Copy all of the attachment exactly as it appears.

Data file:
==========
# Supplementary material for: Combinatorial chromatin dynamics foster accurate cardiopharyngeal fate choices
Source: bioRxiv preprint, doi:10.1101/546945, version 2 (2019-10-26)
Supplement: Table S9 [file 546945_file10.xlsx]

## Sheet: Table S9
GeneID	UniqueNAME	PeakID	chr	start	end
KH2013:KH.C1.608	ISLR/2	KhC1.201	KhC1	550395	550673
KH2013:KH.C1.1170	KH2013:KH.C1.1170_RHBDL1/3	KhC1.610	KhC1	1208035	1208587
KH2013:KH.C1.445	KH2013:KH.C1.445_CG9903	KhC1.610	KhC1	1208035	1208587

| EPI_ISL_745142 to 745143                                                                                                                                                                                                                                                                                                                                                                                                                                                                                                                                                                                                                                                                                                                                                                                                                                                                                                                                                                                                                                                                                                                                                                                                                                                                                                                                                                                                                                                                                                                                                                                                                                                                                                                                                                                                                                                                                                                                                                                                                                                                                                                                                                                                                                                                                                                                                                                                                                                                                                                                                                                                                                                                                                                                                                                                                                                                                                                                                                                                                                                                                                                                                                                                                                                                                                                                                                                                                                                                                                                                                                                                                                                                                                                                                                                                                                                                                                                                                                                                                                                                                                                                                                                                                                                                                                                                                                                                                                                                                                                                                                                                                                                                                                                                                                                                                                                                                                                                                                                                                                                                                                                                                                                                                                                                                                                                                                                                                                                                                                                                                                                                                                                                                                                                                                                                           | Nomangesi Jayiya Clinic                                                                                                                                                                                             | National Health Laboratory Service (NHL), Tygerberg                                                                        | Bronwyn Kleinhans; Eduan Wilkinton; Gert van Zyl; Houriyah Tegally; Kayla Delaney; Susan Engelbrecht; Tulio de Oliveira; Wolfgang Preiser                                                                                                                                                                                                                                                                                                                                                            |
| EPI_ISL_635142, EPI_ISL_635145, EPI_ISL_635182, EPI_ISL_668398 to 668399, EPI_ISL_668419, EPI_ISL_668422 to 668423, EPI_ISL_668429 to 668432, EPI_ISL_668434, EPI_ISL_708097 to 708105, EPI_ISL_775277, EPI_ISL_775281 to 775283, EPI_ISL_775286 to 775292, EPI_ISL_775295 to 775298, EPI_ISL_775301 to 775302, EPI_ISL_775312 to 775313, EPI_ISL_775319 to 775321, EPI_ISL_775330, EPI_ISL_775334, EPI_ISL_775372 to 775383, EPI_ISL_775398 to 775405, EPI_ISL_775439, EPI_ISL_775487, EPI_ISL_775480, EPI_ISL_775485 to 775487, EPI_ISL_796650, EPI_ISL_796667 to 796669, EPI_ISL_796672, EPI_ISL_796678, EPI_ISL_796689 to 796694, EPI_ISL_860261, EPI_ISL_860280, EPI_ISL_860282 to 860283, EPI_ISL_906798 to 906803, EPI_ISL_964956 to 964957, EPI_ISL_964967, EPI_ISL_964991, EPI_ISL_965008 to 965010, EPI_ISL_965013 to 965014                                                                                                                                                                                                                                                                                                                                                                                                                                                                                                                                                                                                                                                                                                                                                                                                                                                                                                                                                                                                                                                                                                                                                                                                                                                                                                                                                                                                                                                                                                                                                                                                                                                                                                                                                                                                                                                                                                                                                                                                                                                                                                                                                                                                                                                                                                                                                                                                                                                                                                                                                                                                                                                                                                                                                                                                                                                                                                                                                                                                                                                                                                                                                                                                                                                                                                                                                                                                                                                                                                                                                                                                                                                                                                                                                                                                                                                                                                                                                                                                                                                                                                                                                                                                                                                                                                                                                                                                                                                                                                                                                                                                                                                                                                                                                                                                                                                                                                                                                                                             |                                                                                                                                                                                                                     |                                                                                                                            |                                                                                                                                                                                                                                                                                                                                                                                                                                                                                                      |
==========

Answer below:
# Supplementary material for: Combinatorial chromatin dynamics foster accurate cardiopharyngeal fate choices
Source: bioRxiv preprint, doi:10.1101/546945, version 2 (2019-10-26)
Supplement: Table S9 [file 546945_file10.xlsx]

## Sheet: Table S9
GeneID	UniqueNAME	PeakID	chr	start	end
KH2013:KH.C1.608	ISLR/2	KhC1.201	KhC1	550395	550673
KH2013:KH.C1.1170	KH2013:KH.C1.1170_RHBDL1/3	KhC1.610	KhC1	1208035	1208587
KH2013:KH.C1.445	KH2013:KH.C1.445_CG9903	KhC1.610	KhC1	1208035	1208587

| EPI_ISL_745142 to 745143                                                                                                                                                                                                                                                                                                                                                                                                                                                                                                                                                                                                                                                                                                                                                                                                                                                                                                                                                                                                                                                                                                                                                                                                                                                                                                                                                                                                                                                                                                                                                                                                                                                                                                                                                                                                                                                                                                                                                                                                                                                                                                                                                                                                                                                                                                                                                                                                                                                                                                                                                                                                                                                                                                                                                                                                                                                                                                                                                                                                                                                                                                                                                                                                                                                                                                                                                                                                                                                                                                                                                                                                                                                                                                                                                                                                                                                                                                                                                                                                                                                                                                                                                                                                                                                                                                                                                                                                                                                                                                                                                                                                                                                                                                                                                                                                                                                                                                                                                                                                                                                                                                                                                                                                                                                                                                                                                                                                                                                                                                                                                                                                                                                                                                                                                                                                           | Nomangesi Jayiya Clinic                                                                                                                                                                                             | National Health Laboratory Service (NHL), Tygerberg                                                                        | Bronwyn Kleinhans; Eduan Wilkinton; Gert van Zyl; Houriyah Tegally; Kayla Delaney; Susan Engelbrecht; Tulio de Oliveira; Wolfgang Preiser                                                                                                                                                                                                                                                                                                                                                            |
| EPI_ISL_635142, EPI_ISL_635145, EPI_ISL_635182, EPI_ISL_668398 to 668399, EPI_ISL_668419, EPI_ISL_668422 to 668423, EPI_ISL_668429 to 668432, EPI_ISL_668434, EPI_ISL_708097 to 708105, EPI_ISL_775277, EPI_ISL_775281 to 775283, EPI_ISL_775286 to 775292, EPI_ISL_775295 to 775298, EPI_ISL_775301 to 775302, EPI_ISL_775312 to 775313, EPI_ISL_775319 to 775321, EPI_ISL_775330, EPI_ISL_775334, EPI_ISL_775372 to 775383, EPI_ISL_775398 to 775405, EPI_ISL_775439, EPI_ISL_775487, EPI_ISL_775480, EPI_ISL_775485 to 775487, EPI_ISL_796650, EPI_ISL_796667 to 796669, EPI_ISL_796672, EPI_ISL_796678, EPI_ISL_796689 to 796694, EPI_ISL_860261, EPI_ISL_860280, EPI_ISL_860282 to 860283, EPI_ISL_906798 to 906803, EPI_ISL_964956 to 964957, EPI_ISL_964967, EPI_ISL_964991, EPI_ISL_965008 to 965010, EPI_ISL_965013 to 965014                                                                                                                                                                                                                                                                                                                                                                                                                                                                                                                                                                                                                                                                                                                                                                                                                                                                                                                                                                                                                                                                                                                                                                                                                                                                                                                                                                                                                                                                                                                                                                                                                                                                                                                                                                                                                                                                                                                                                                                                                                                                                                                                                                                                                                                                                                                                                                                                                                                                                                                                                                                                                                                                                                                                                                                                                                                                                                                                                                                                                                                                                                                                                                                                                                                                                                                                                                                                                                                                                                                                                                                                                                                                                                                                                                                                                                                                                                                                                                                                                                                                                                                                                                                                                                                                                                                                                                                                                                                                                                                                                                                                                                                                                                                                                                                                                                                                                                                                                                                             |                                                                                                                                                                                                                     |                                                                                                                            |                                                                                                                                                                                                                                                                                                                                                                                                                                                                                                      |